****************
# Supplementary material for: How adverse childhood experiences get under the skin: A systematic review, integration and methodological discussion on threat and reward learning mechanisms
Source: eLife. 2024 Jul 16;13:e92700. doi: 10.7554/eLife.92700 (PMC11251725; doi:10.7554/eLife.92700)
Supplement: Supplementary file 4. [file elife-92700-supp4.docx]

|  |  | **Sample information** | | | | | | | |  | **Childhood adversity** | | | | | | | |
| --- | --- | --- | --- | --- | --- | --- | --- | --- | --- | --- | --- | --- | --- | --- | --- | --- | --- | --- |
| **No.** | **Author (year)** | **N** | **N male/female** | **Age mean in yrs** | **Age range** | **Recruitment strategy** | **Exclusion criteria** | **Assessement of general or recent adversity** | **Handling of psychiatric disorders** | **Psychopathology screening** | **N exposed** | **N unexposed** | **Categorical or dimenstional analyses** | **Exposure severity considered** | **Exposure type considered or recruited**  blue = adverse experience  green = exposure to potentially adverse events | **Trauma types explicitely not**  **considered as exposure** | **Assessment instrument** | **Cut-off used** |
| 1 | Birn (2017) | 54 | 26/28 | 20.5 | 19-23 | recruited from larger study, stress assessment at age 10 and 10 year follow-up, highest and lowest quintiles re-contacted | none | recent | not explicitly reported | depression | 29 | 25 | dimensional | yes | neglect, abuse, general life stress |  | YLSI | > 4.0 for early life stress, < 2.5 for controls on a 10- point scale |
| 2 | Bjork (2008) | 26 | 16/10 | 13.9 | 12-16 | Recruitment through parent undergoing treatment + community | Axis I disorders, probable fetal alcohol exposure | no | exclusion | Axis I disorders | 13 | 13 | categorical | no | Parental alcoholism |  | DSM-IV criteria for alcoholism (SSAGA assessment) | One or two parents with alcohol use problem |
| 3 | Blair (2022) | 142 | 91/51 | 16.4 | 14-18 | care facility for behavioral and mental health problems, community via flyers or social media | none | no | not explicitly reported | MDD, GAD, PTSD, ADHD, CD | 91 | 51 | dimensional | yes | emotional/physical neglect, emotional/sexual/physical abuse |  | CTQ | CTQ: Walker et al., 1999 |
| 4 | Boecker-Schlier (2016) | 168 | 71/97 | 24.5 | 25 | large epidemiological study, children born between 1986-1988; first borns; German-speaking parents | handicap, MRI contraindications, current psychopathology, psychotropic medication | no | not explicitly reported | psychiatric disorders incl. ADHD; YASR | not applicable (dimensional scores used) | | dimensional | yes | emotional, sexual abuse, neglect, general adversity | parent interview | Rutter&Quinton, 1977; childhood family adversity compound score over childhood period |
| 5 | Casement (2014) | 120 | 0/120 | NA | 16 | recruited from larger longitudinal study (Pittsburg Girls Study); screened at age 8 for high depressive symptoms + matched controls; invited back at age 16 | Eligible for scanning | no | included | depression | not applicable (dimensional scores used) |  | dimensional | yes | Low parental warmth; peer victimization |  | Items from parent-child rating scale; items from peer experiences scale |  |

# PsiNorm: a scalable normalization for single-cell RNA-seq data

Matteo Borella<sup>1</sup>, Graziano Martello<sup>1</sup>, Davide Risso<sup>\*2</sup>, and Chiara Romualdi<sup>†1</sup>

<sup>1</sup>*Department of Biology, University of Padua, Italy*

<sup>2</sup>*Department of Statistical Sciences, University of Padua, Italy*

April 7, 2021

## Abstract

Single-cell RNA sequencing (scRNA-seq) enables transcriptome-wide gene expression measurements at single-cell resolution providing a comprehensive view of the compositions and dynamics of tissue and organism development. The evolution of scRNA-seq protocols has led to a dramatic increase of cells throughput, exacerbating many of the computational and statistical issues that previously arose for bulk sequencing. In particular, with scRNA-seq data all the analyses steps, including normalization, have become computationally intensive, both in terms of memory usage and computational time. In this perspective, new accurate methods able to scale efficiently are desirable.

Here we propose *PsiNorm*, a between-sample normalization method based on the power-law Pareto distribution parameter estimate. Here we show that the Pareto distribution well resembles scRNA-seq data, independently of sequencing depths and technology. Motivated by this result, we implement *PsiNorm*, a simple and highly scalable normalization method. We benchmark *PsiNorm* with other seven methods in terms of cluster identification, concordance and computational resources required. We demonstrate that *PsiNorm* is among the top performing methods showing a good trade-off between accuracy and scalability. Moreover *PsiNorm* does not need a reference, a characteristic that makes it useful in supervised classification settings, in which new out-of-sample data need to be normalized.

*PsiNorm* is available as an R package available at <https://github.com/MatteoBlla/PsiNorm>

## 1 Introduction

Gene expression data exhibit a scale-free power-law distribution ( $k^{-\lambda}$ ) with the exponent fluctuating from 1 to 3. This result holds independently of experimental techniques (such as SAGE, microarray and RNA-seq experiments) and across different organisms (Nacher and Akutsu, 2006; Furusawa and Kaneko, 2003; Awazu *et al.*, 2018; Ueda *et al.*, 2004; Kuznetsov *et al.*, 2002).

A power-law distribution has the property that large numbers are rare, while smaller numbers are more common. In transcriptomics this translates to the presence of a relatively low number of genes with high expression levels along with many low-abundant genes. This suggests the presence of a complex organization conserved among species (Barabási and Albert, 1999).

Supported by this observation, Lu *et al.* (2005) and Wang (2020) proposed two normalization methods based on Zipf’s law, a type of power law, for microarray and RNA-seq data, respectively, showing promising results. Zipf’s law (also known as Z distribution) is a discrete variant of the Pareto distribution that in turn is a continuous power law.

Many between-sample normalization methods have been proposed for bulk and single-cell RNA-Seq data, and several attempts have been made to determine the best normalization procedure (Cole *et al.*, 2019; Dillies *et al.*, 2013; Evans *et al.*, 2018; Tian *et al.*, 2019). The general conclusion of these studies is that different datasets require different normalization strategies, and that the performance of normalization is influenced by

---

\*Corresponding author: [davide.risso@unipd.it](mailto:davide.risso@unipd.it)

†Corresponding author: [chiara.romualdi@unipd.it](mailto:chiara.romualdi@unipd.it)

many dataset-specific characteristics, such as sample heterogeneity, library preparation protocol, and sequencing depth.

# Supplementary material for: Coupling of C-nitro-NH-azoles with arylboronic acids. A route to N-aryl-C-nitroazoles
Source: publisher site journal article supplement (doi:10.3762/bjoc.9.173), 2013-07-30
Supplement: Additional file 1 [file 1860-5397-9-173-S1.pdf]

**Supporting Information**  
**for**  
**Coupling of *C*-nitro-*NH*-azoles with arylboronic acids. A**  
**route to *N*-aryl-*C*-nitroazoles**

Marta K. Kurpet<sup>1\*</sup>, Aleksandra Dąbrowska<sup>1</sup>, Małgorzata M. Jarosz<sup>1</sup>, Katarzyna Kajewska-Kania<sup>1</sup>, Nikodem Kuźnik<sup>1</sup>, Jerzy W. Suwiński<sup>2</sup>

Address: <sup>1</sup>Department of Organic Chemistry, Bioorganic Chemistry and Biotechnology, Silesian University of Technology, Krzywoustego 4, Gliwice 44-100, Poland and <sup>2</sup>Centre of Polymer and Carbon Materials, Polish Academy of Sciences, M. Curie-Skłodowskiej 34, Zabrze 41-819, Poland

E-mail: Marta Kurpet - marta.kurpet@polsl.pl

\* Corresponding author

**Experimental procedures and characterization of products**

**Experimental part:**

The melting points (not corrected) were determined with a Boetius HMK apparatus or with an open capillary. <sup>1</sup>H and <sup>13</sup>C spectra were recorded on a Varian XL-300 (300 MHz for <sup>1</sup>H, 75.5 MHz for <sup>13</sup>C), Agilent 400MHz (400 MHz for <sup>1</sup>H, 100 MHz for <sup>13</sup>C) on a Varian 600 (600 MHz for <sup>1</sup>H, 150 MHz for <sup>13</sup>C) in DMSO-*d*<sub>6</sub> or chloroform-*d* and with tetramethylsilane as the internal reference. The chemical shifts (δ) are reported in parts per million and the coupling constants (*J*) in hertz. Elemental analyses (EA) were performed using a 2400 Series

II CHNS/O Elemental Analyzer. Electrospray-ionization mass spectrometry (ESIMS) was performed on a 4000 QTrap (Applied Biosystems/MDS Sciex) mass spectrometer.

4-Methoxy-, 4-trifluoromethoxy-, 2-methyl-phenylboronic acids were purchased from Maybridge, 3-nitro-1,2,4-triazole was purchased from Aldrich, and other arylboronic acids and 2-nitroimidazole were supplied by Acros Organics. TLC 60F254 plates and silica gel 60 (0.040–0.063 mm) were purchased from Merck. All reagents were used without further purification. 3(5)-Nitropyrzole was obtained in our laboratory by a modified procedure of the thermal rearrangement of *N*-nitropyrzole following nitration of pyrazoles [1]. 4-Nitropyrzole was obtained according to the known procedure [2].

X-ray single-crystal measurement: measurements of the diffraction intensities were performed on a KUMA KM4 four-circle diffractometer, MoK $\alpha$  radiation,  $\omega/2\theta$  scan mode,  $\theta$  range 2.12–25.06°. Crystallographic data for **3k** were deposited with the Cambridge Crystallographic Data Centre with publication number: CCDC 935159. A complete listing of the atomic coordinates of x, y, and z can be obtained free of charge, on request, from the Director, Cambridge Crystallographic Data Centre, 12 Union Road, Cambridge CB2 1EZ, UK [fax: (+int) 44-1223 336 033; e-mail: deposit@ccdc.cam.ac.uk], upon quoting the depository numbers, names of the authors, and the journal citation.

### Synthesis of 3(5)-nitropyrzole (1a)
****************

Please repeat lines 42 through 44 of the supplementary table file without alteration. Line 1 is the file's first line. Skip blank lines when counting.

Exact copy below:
**Experimental part:**

The melting points (not corrected) were determined with a Boetius HMK apparatus or with an open capillary. <sup>1</sup>H and <sup>13</sup>C spectra were recorded on a Varian XL-300 (300 MHz for <sup>1</sup>H, 75.5 MHz for <sup>13</sup>C), Agilent 400MHz (400 MHz for <sup>1</sup>H, 100 MHz for <sup>13</sup>C) on a Varian 600 (600 MHz for <sup>1</sup>H, 150 MHz for <sup>13</sup>C) in DMSO-*d*<sub>6</sub> or chloroform-*d* and with tetramethylsilane as the internal reference. The chemical shifts (δ) are reported in parts per million and the coupling constants (*J*) in hertz. Elemental analyses (EA) were performed using a 2400 Series

II CHNS/O Elemental Analyzer. Electrospray-ionization mass spectrometry (ESIMS) was performed on a 4000 QTrap (Applied Biosystems/MDS Sciex) mass spectrometer.